FOOL PLATE SPECIAL
An Investment Opinion
The Ballmer that Cried Wolf Matt Richey (TMF Verve)
September 24, 1999
Microsoft (Nasdaq: MSFT) is up to its old tricks again. In the name of "managing expectations," President Steve Ballmer is working double-duty these days to hold down the software king's stock price. Yesterday's comments by Ballmer of tech stock overvaluation were just the latest attempt by Microsoft to discourage its investors from becoming overly bullish on the company's prospects.
Microsoft has been playing this game for quite a while now, but lately Ballmer has become increasingly vocal in his efforts to squelch investor enthusiasm. At a financial analyst meeting in July, Microsoft's Investor Relations Director Carla Lewis polled the audience on its revenue growth estimates for the coming fiscal year. Ballmer was "shocked" that the largest portion of the audience -- 44% -- expected revenue growth of 25% or greater. The boisterous president was somewhat unruffled in his reaction:
"Come on? It's outlandish and crazy. We have more competition than we ever have had before, we're fighting the law of large numbers in a way we have never had to fight the law of large numbers before.... Oh it's crazy."
Oh really. Microsoft's so-called "conservative" guidance in projecting future results is almost laughable. Back in April when the company announced its third quarter earnings, CFO Greg Maffei told conference call listeners to expect sequential revenue growth "in excess of $500 million." In actuality, Q4 revenue was $1,500 million ahead of the Q3 number. Oops, what's a comma and a couple of zeros among friends? Also on the April conference call, Maffei predicted Q4 year-over-year revenue growth in "the mid 20s" and earnings per share growth (EPS) of 40%. The actual numbers were 39% and 60%, respectively. In effect, Maffei low-balled estimates by 50%. I'm all for genuine conservatism in financial projections, but this is a bit extreme.
Furthermore, investors have good reason to be excited about Microsoft's prospects. The company is literally at the cusp of a major new product cycle. Over the next two years, Microsoft will be releasing a whole slew of products that reflect a new mindset of software as services. Bill Gates and company know that people don't buy an operating system; they buy solutions. Gone is the vision of a PC on every desk. The new corporate vision is one of empowering people through great software -- anytime, anyplace, and on any device.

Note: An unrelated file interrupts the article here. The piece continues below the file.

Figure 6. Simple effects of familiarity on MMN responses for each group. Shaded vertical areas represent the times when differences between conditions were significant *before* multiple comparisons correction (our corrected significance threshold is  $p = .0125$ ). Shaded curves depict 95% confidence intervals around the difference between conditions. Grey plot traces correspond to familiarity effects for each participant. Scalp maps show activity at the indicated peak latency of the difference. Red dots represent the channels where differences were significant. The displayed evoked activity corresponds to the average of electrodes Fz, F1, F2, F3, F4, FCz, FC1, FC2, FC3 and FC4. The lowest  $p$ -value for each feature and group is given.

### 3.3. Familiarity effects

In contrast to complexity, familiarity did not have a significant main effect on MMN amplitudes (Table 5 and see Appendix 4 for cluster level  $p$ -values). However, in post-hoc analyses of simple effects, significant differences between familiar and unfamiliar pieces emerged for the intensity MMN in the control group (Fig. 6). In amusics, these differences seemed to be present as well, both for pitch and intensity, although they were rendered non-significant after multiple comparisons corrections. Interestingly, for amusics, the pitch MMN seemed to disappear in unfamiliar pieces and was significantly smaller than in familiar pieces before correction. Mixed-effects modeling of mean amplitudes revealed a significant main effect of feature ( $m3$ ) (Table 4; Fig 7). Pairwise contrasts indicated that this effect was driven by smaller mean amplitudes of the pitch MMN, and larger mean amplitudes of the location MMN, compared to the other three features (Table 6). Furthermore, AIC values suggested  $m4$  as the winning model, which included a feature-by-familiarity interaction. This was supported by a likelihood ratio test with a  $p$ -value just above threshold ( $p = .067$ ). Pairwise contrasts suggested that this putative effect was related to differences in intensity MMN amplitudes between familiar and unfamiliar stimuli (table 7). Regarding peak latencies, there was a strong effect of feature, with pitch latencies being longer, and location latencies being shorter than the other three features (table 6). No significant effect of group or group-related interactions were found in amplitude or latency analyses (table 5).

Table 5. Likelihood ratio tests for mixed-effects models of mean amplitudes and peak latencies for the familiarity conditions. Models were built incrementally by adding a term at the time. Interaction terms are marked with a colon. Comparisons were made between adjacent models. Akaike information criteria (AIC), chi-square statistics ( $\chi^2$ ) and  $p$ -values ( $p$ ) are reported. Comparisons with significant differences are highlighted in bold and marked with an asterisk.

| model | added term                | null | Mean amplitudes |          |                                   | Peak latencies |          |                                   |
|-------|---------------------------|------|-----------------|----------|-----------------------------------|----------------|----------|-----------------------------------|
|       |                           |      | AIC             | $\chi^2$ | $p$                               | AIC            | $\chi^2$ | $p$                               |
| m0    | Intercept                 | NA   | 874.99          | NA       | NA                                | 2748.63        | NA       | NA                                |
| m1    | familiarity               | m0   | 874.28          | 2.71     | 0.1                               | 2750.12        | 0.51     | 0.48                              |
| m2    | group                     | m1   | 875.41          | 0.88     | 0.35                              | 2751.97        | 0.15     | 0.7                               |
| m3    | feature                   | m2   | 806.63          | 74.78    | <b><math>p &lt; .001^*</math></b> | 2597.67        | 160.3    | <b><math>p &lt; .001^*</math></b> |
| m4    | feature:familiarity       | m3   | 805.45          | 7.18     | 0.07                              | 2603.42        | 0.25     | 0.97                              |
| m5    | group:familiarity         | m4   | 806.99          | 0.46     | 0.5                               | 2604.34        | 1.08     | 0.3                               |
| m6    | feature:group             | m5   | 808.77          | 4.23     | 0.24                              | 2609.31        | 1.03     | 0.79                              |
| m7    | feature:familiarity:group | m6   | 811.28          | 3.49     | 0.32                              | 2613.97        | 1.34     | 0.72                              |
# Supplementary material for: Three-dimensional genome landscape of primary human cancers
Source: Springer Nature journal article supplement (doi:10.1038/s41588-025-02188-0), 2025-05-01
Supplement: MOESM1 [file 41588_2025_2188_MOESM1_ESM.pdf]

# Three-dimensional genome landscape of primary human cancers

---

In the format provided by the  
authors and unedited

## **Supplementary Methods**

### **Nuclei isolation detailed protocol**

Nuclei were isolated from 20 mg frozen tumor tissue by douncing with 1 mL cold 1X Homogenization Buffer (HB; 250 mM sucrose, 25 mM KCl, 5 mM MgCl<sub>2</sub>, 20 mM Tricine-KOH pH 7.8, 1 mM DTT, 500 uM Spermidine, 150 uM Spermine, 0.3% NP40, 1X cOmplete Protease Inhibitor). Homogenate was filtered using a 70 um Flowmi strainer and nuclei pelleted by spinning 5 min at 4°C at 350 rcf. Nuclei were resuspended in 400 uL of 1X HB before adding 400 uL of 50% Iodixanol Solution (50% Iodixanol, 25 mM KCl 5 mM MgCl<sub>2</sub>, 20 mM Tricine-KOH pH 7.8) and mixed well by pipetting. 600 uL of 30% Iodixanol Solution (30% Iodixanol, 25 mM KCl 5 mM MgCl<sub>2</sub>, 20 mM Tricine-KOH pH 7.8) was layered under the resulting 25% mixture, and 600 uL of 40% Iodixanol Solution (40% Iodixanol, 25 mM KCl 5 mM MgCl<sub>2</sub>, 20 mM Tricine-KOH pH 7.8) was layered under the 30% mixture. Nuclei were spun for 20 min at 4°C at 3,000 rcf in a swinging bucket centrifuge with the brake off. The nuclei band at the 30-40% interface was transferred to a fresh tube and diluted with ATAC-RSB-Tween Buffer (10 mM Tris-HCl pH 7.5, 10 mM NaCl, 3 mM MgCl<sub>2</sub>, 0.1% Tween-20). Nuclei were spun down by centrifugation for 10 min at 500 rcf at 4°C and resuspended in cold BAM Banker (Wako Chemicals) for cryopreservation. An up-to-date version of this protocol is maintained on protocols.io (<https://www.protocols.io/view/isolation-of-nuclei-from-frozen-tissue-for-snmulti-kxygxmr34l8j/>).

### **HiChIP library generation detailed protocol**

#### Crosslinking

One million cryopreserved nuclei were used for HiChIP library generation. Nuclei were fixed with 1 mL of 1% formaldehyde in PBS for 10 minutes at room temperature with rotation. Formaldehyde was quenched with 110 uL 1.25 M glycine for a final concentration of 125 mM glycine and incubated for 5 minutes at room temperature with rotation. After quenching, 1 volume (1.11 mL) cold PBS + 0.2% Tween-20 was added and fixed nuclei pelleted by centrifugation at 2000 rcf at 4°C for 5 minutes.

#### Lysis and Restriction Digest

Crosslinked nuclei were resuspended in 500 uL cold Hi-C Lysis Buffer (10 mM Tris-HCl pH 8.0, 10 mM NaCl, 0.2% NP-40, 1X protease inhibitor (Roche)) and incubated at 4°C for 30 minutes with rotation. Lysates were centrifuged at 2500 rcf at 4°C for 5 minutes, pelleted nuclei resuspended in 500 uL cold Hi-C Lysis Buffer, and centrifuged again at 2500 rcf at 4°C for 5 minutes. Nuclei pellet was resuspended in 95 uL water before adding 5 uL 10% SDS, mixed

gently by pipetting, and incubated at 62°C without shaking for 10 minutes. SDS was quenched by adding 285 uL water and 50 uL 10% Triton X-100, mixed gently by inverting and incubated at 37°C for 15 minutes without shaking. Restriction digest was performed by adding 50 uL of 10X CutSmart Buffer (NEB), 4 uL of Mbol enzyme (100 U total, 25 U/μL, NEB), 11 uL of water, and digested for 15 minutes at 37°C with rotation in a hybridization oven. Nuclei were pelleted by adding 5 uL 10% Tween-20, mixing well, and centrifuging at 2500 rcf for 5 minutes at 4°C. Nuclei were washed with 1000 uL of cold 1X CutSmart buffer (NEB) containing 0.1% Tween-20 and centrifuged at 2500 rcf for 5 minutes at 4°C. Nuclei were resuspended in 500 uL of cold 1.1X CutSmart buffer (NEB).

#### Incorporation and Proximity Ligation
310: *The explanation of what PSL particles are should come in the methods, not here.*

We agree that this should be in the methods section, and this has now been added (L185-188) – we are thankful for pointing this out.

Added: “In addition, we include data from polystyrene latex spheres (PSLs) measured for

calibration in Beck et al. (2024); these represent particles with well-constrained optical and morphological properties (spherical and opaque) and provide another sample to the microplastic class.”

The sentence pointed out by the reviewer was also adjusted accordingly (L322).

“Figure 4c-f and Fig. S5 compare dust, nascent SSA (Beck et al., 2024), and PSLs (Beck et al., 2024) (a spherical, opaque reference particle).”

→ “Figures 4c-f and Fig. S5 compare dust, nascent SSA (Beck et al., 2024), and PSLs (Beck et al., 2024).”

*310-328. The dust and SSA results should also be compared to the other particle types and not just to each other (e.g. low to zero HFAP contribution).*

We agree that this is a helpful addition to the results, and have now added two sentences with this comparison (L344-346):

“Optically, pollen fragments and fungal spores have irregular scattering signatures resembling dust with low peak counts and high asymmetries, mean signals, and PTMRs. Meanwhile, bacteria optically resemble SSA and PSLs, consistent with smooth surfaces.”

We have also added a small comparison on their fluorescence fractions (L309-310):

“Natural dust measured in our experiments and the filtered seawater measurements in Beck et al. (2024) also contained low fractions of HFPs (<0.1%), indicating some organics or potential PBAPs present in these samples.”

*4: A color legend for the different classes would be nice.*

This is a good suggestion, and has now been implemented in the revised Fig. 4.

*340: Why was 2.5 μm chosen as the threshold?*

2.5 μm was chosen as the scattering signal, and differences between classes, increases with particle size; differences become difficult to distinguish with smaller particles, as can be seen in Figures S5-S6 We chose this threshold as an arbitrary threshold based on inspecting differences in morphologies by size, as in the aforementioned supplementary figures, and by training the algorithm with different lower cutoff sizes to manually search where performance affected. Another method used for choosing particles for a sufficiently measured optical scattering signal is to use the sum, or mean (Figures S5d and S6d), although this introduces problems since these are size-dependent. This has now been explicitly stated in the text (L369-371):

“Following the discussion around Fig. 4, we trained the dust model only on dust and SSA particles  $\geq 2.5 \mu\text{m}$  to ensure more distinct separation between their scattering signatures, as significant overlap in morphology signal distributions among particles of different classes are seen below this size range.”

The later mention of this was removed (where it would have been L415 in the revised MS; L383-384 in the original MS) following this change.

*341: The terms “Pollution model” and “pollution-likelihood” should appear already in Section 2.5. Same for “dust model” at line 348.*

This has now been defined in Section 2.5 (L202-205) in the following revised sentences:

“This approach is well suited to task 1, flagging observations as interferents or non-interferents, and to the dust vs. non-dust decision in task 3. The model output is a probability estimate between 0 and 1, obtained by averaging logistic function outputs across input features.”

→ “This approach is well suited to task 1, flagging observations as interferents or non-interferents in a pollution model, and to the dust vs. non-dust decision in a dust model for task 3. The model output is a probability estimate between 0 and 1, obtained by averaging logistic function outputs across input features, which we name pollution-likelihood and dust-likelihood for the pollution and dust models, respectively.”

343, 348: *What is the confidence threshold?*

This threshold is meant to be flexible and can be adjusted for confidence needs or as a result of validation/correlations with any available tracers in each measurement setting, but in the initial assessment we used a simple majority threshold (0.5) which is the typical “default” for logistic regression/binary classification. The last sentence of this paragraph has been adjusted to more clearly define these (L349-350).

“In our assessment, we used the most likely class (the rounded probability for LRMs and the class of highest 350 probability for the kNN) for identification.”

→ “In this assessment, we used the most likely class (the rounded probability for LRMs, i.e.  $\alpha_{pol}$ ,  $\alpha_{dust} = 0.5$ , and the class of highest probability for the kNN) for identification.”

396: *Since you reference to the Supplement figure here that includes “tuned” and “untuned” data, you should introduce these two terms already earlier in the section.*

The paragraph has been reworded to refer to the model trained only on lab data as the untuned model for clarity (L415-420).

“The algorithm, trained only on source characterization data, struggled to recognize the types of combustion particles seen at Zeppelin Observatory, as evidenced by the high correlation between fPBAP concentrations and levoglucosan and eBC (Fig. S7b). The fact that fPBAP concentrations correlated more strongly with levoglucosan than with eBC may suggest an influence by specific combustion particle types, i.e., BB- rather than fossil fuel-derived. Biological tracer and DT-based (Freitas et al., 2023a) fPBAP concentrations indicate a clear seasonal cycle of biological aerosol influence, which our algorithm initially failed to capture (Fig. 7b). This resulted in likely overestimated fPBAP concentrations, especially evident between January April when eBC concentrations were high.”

The strategy for manifesting that vision is a new development platform called Windows Distributed interNet Architecture (DNA) 2000. The goal of this platform is to enable programmable Web services. One such service that Microsoft has already announced is "Passport." Much like a traditional passport, this Internet "mega-service" provides authentication and wallet capability so that Internet users don't have to use different ID-names and passwords from one site to the next. According to the company, many more of these mega-services are on the way.
I'm not a techie, so here's a brief layman's explanation of how this technology works: The essence of Microsoft's plan for enabling Web services is a technology called eXtensible Markup Language (XML), which will allow websites to "talk" to one another, and in much more depth and complexity than HTML currently allows. Because XML is not constrained by the Internet's diversity of operating systems and programming languages, XML is the key to allowing businesses to integrate their applications and services on the Internet. The result: this technology makes the Web programmable. For the full story on how Microsoft intends to develop Web applications, see these remarks by Steve Ballmer.
Over the next two years, Microsoft will roll out the tools and technologies that make up the Windows DNA 2000 platform. Here are a few of the new products you can expect from the Redmond software shop:
Windows 2000 -- Expected to arrive by the end of this year, the new operating system is in extensive beta testing right now. In addition to greater manageability and reliability, Windows 2000 is XML-ready so that developers can write code that will allow one website to interact with another, and thereby give rise to Web services.
Commerce Server 4.0 -- The next generation of the industry's leading packaged business-to-consumer commerce software.
BizTalk Server -- A new business process integration solution.
"Babylon" Integration Server -- A tool to commerce-enable a variety of older legacy applications and hosts.
AppCenter -- A new product that makes managing server farms as simple as managing a single machine.
SQL Server "Shiloh" -- The next generation of the popular database server that adds native XML support, integrated data mining capabilities, and greater scalability.
Visual Studio -- The development tools that provide a common development environment for Windows DNA.
If developers embrace Microsoft's vision for a programmable Web, then the company's next five years could be more profitable than the last five. Investors would do well to assess Microsoft's new strategy for a programmable Web and ignore management's attempts to "manage expectations" with unfounded arguments of an overvalued stock.